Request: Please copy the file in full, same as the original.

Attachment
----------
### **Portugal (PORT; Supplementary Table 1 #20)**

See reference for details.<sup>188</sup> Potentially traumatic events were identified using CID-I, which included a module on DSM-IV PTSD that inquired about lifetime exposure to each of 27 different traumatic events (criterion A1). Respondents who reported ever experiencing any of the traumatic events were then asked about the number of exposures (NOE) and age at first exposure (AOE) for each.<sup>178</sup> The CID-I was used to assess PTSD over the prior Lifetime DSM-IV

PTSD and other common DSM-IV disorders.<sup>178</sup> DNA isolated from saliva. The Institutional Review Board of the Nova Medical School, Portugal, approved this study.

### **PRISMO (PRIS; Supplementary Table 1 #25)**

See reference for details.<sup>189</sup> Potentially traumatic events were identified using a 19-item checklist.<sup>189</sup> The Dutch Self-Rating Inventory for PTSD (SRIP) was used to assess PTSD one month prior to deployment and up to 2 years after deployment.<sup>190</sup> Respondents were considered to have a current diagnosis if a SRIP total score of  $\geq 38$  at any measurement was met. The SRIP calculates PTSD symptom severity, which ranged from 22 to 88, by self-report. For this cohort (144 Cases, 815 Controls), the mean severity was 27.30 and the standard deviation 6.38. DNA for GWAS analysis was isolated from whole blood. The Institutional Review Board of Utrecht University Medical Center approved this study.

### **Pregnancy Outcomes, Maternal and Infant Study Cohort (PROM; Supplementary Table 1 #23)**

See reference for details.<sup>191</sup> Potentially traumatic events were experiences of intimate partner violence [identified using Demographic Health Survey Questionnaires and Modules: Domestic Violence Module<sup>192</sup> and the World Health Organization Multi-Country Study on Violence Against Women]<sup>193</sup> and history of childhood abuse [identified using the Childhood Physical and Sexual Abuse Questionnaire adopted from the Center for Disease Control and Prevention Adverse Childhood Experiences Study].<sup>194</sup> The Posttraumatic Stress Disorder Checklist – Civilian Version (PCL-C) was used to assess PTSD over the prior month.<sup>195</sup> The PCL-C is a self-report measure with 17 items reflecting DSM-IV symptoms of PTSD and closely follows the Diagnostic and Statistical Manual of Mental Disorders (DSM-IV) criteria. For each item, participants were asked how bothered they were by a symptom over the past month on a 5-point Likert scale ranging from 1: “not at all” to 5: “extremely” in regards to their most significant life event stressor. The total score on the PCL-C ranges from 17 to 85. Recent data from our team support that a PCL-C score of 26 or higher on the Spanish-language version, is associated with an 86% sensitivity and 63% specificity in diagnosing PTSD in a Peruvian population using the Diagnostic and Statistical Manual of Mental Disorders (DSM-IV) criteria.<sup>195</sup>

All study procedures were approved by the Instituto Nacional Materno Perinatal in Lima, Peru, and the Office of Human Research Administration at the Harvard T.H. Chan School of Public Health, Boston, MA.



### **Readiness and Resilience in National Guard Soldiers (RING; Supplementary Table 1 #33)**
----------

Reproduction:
### **Portugal (PORT; Supplementary Table 1 #20)**

See reference for details.<sup>188</sup> Potentially traumatic events were identified using CID-I, which included a module on DSM-IV PTSD that inquired about lifetime exposure to each of 27 different traumatic events (criterion A1). Respondents who reported ever experiencing any of the traumatic events were then asked about the number of exposures (NOE) and age at first exposure (AOE) for each.<sup>178</sup> The CID-I was used to assess PTSD over the prior Lifetime DSM-IV

PTSD and other common DSM-IV disorders.<sup>178</sup> DNA isolated from saliva. The Institutional Review Board of the Nova Medical School, Portugal, approved this study.

### **PRISMO (PRIS; Supplementary Table 1 #25)**

See reference for details.<sup>189</sup> Potentially traumatic events were identified using a 19-item checklist.<sup>189</sup> The Dutch Self-Rating Inventory for PTSD (SRIP) was used to assess PTSD one month prior to deployment and up to 2 years after deployment.<sup>190</sup> Respondents were considered to have a current diagnosis if a SRIP total score of  $\geq 38$  at any measurement was met. The SRIP calculates PTSD symptom severity, which ranged from 22 to 88, by self-report. For this cohort (144 Cases, 815 Controls), the mean severity was 27.30 and the standard deviation 6.38. DNA for GWAS analysis was isolated from whole blood. The Institutional Review Board of Utrecht University Medical Center approved this study.

### **Pregnancy Outcomes, Maternal and Infant Study Cohort (PROM; Supplementary Table 1 #23)**

See reference for details.<sup>191</sup> Potentially traumatic events were experiences of intimate partner violence [identified using Demographic Health Survey Questionnaires and Modules: Domestic Violence Module<sup>192</sup> and the World Health Organization Multi-Country Study on Violence Against Women]<sup>193</sup> and history of childhood abuse [identified using the Childhood Physical and Sexual Abuse Questionnaire adopted from the Center for Disease Control and Prevention Adverse Childhood Experiences Study].<sup>194</sup> The Posttraumatic Stress Disorder Checklist – Civilian Version (PCL-C) was used to assess PTSD over the prior month.<sup>195</sup> The PCL-C is a self-report measure with 17 items reflecting DSM-IV symptoms of PTSD and closely follows the Diagnostic and Statistical Manual of Mental Disorders (DSM-IV) criteria. For each item, participants were asked how bothered they were by a symptom over the past month on a 5-point Likert scale ranging from 1: “not at all” to 5: “extremely” in regards to their most significant life event stressor. The total score on the PCL-C ranges from 17 to 85. Recent data from our team support that a PCL-C score of 26 or higher on the Spanish-language version, is associated with an 86% sensitivity and 63% specificity in diagnosing PTSD in a Peruvian population using the Diagnostic and Statistical Manual of Mental Disorders (DSM-IV) criteria.<sup>195</sup>

All study procedures were approved by the Instituto Nacional Materno Perinatal in Lima, Peru, and the Office of Human Research Administration at the Harvard T.H. Chan School of Public Health, Boston, MA.



### **Readiness and Resilience in National Guard Soldiers (RING; Supplementary Table 1 #33)**